The captain must have the patents required to operate the watercraft in the respective sailing area. The training takes place at seafaring schools or universities of applied sciences . Captains with a university degree in nautical science hold the academic degree of Dipl.-Nautiker or Dipl.- Industrial Engineer Maritime Transport or Dipl.-Ing. Maritime transport , since the switch from diploma to bachelor's degree programs, they have been awarded the title of Bachelor of Science (B.Sc.) ; Captains who have completed their training at the technical college have the title of state-certified technician .

Merchant shipping


The skipper of a civilian cargo ship is the "captain" (NK). This is a position, not a rank. The captain only keeps watch himself on smaller ships . On larger ships and on long voyages he is usually off watch , and the officers or helmsmen of the watch (" watch officers ") keep the watch .

Captain on a long journey

Captain on a long voyage is the outdated, but still common name for a captain on merchant ships of all sizes in all areas with the exception of fishing vessels. The basic license required for this as a nautical officer can be acquired at technical schools (state-certified navigator) or at technical colleges (Bachelor of Science).

Captain on a short trip

Captain on a short voyage is the outdated but still common name for a captain on merchant ships with a capacity of up to 500 in the national voyage, with the exception of fishing vessels. The basic patent required for this can be acquired at a technical school.


The 1921 Barcelona Agreement allowed landlocked states to operate ocean-going shipping under their own flag. In contrast to the situation in Germany, according to the Austrian Maritime Law of 1981, the captain is a permanent agent appointed by the shipowner. He retains his title even after leaving the ship:

§ 20. (1) The captain appointed by the shipowner for an Austrian seagoing vessel (§ 511 HGB) is entitled and obliged to exercise the authority on board.
(2) The captain of an Austrian ocean-going vessel must be on board for the entire duration of the voyage and exercise the authority himself, unless he goes ashore in a port that is necessary or customary.
(3) If the master is not on board or if he is prevented from performing his duties, the next member of the deck crew in rank shall exercise the duties and powers of the master.

Apprenticeship as a captain in merchant shipping

In order to become a captain in merchant shipping, one has to obtain the qualification "Nautical Watch Officer " at a technical college or university in Germany . This is followed by an experience driving time of at least two years net. You then receive a certificate of competency as a nautical officer / master.

In order to obtain the certificate of competency through the university of applied sciences, one must have at least the technical college entrance qualification.

In order to obtain a certificate of competency at a technical college, one must have learned a seafaring-related profession including the required seafaring time (sailor, ship mechanic or ship technical assistant). However, lateral entrants also have the opportunity to register at a technical school with a metal trade and experience.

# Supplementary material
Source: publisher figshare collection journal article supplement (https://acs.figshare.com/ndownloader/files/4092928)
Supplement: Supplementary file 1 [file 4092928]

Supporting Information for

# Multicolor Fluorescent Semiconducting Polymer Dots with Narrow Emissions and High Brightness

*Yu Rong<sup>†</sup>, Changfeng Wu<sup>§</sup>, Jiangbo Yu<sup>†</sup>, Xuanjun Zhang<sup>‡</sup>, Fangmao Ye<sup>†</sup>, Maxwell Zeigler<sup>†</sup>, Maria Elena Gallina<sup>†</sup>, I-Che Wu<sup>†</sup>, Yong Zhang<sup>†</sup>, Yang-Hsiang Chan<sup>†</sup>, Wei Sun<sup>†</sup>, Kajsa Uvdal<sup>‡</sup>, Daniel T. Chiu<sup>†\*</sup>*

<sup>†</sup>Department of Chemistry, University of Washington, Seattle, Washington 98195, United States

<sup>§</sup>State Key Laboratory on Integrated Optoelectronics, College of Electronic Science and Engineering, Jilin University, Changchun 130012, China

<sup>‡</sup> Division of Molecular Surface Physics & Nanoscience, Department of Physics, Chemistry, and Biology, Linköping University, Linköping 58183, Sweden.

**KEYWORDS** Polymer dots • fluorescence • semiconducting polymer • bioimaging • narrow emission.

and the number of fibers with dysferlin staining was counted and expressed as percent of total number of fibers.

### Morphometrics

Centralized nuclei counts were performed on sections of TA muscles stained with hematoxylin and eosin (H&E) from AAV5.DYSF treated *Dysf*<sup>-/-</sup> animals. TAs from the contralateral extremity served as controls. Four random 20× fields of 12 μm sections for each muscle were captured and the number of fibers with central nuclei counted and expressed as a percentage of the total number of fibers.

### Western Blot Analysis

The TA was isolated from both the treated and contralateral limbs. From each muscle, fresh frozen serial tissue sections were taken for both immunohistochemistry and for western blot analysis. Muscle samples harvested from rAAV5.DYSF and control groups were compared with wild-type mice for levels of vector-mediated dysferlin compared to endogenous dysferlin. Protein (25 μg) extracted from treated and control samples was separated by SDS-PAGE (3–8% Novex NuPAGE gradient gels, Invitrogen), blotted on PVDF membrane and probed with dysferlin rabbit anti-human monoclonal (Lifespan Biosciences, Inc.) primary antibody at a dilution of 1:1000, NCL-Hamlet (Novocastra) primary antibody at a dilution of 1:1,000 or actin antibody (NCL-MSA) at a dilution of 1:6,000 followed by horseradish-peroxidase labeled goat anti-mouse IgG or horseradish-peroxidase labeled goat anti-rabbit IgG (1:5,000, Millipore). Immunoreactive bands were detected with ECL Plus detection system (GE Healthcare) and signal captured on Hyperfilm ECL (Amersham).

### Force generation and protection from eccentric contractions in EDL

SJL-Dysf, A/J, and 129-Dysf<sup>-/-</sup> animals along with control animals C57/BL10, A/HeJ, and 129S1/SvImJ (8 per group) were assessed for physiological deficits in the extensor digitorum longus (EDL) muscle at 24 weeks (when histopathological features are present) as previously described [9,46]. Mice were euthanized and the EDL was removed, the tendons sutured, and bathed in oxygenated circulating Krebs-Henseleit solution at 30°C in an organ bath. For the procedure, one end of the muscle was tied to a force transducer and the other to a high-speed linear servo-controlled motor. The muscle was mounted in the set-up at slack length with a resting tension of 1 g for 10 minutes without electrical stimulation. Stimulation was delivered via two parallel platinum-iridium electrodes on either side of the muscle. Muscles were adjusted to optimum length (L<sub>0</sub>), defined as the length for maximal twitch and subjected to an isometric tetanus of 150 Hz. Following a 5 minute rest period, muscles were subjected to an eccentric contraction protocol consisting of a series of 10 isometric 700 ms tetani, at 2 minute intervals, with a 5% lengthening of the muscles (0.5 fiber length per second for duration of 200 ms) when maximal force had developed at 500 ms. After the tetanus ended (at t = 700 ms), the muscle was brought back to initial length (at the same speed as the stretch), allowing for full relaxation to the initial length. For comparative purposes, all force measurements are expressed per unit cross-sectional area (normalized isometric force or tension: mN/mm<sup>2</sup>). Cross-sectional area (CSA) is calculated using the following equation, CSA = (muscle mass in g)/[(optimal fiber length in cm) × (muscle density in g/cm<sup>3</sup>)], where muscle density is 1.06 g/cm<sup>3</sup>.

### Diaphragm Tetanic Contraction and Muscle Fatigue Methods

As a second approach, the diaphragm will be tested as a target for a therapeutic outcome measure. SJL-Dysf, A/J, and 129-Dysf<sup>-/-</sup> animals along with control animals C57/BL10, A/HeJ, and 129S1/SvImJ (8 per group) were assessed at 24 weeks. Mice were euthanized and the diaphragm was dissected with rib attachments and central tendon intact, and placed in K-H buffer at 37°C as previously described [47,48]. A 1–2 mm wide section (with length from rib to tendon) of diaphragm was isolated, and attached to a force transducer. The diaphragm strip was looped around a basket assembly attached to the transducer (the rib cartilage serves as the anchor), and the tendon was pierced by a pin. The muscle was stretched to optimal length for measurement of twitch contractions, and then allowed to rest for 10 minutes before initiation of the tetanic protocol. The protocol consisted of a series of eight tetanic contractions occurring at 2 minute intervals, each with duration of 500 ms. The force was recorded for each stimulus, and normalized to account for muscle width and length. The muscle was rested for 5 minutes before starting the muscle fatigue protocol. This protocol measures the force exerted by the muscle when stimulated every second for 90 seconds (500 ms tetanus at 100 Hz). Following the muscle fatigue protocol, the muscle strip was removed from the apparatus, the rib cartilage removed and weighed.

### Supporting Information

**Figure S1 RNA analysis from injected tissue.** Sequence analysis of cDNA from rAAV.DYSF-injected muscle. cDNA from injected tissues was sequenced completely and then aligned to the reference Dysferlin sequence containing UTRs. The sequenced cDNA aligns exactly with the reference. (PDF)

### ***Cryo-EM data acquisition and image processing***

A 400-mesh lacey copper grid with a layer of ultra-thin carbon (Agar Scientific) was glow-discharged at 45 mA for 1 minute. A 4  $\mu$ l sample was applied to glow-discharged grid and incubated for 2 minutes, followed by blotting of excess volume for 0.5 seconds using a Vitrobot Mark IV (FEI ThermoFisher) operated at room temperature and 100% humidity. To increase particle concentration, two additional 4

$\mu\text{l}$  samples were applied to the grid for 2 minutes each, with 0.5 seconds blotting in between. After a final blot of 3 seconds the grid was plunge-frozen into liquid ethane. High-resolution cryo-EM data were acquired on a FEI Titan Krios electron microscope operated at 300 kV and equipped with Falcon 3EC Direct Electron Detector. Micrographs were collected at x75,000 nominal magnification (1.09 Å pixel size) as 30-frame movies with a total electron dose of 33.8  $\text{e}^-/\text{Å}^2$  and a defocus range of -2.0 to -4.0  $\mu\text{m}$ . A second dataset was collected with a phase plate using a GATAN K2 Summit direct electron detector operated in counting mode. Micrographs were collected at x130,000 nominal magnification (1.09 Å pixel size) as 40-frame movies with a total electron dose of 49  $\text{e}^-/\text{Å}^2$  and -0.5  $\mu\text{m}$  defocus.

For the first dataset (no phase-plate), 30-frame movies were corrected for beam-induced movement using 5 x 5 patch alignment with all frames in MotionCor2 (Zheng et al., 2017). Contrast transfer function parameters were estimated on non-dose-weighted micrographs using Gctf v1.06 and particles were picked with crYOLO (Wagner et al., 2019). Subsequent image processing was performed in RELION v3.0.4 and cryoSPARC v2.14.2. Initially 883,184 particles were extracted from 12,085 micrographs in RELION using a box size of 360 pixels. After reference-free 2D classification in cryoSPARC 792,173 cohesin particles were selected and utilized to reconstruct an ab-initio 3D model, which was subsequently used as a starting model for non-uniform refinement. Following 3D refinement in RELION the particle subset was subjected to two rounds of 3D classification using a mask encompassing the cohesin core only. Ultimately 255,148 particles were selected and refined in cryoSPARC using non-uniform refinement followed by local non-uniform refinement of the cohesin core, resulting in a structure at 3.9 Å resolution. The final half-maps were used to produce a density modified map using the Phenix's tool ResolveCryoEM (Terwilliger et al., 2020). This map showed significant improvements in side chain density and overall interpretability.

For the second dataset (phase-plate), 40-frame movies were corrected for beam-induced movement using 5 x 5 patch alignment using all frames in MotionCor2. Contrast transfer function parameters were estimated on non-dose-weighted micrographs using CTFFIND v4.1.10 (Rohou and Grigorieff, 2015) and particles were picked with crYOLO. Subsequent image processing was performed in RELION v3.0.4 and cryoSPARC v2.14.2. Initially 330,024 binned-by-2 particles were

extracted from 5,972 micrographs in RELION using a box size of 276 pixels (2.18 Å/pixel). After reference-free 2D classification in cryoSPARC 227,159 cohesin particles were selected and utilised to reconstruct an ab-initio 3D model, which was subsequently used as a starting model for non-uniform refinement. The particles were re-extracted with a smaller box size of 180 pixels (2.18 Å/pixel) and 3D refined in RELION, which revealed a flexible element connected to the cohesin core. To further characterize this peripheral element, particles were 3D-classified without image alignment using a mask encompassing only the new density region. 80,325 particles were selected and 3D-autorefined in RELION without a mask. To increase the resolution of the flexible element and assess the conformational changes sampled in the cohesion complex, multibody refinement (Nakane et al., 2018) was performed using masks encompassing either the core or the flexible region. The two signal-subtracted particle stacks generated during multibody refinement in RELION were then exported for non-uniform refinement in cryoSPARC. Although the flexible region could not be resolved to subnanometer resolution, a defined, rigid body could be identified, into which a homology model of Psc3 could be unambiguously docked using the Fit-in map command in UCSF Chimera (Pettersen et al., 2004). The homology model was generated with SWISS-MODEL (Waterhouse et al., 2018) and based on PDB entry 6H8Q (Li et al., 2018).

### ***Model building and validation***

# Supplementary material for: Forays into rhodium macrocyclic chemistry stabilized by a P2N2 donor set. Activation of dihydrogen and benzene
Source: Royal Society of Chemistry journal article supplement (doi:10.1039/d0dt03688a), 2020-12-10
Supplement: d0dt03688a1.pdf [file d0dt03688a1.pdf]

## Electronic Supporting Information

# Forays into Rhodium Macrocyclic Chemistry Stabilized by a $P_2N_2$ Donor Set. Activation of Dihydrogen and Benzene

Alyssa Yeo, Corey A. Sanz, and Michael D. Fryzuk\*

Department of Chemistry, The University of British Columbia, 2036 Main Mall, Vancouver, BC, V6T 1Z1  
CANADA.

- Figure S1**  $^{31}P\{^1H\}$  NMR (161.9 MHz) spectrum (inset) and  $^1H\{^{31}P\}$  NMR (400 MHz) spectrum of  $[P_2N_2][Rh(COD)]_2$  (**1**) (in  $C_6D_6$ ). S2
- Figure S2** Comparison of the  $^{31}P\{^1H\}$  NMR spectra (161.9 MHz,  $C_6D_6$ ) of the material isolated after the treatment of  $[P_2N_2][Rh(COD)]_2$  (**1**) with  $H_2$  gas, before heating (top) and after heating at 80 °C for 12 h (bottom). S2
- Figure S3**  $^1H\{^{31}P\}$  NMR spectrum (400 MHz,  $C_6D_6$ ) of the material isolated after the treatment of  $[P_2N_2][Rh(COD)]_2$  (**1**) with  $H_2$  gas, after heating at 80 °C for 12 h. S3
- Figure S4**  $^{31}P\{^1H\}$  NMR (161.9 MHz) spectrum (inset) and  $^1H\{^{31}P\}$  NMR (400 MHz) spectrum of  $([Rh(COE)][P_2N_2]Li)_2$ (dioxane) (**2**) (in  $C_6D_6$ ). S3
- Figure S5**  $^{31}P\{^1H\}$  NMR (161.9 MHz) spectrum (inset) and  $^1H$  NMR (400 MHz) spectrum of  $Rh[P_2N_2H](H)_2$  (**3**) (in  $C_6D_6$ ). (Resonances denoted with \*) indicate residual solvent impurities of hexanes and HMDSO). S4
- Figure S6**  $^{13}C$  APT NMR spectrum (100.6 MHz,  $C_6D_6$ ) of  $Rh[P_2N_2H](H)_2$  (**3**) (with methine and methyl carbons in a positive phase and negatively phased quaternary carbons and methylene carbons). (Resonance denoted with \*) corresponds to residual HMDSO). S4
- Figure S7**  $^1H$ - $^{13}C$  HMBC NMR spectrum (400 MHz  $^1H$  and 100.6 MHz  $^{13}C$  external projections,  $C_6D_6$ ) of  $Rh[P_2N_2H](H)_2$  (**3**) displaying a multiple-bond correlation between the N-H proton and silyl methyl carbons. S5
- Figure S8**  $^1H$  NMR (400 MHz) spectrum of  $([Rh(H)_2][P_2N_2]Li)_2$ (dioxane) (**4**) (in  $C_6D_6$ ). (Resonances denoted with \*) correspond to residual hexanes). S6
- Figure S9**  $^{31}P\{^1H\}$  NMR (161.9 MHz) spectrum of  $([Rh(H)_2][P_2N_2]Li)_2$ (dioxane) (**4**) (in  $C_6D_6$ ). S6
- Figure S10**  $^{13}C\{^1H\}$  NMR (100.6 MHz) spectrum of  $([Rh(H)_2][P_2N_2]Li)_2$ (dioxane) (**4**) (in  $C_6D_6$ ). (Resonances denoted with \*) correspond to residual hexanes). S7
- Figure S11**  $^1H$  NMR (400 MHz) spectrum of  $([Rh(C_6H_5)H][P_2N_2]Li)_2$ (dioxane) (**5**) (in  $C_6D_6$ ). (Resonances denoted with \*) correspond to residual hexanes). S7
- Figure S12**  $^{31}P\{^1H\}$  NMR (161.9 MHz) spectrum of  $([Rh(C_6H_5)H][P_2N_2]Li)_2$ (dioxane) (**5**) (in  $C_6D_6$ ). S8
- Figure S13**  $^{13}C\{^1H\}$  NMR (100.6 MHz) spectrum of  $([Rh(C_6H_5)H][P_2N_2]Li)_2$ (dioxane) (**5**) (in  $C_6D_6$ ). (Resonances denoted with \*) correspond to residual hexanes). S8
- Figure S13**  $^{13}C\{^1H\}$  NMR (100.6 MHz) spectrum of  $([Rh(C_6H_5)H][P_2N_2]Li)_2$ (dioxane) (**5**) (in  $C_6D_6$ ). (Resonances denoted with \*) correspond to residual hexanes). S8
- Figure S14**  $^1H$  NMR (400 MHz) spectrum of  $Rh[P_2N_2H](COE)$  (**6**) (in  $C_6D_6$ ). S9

Hans Freiherr von Stackelberg, 1972–78 Commandant of the Gorch Fock (1976)

The term commander as a leader of warships describes a position that is independent of the military rank of the skipper. The ship's commander is either a staff officer ( corvette captain , frigate captain , rarely a sea captain ) or, on smaller ships and boats ( e.g. submarines ), a lieutenant captain . Deviating from the rule that commanders are principally officers, the commander on landing craft is usually a portepee sergeant .

In principle, all staff officers of the Navy, with the exception of the medical officers, are addressed as "Mr. or Mrs. Captain", regardless of their exact rank, but without pronouncing the i in the word, ie with "Mr. Captain". Captain lieutenants are traditionally addressed in naval jargon as "Herr Kaleu". On the other hand, it is not common to use the address "Mr. or Mrs. Commander".

Recreational boating

The leader of a sports motor or sailing ship has all the rights and obligations of a captain and as such is responsible for the safe management of the ship and crew and for guests and cargo.

See also: Skipper with regulation for Germany

See also


  • Eberhard Nölke / Harald Focke : The captain and his officers. Ship command on general cargo vessels. Oceanum Verlag, Wiefelstede. ISBN 978-3-86927-407-2
  • Fritz Frantioch: Reform of the maritime trade law - What happens to the captain? In: Hansa , issue 7/2011, Schiffahrts-Verlag Hansa, Hamburg 2011, ISSN  0017-7504 , pp. 94-100.
  • Rolf Herber: Maritime Trade Law: Systematic Representation. 2nd Edition. De Gruyter, Berlin Boston 2016, § 17: Kapitän, pp. 151–157 (preview).
  • Claas-Holter Baumgert: Boring is different! Experiences around the globe. Captain on board a container ship - a special kind of challenge . Self-published 2016. ISBN 978-3-0005-3208-5 (also available as an e-book).

Web links

Commons : Ship captains  - Collection of pictures, videos and audio files
Wiktionary: captain  - explanations of meanings, word origins, synonyms, translations

Individual evidence

  1. Marine Glossary of German Maritime Institute , accessed on June 29, 2019
  2. Rolf Herber: Maritime Trade Law: Systematic Presentation. 2nd Edition. De Gruyter, Berlin Boston 2016, p. 152.
  3. Marriage by a captain of a German ship is ineffective
  4. Code of Federal Regulations , 32 CFR 700 716
  5. Employment Agency: Bachelor of Science
  6. FH Flensburg on the A-Patent ( Memento of the original from August 17, 2010 in the Internet Archive ) Info: The archive link was inserted automatically and has not yet been checked. Please check the original and archive link according to the instructions and then remove this notice. @1@ 2Template: Webachiv / IABot /
  7. Appendix 1 to § 2 See-BV
  8. § 20 of the Maritime Law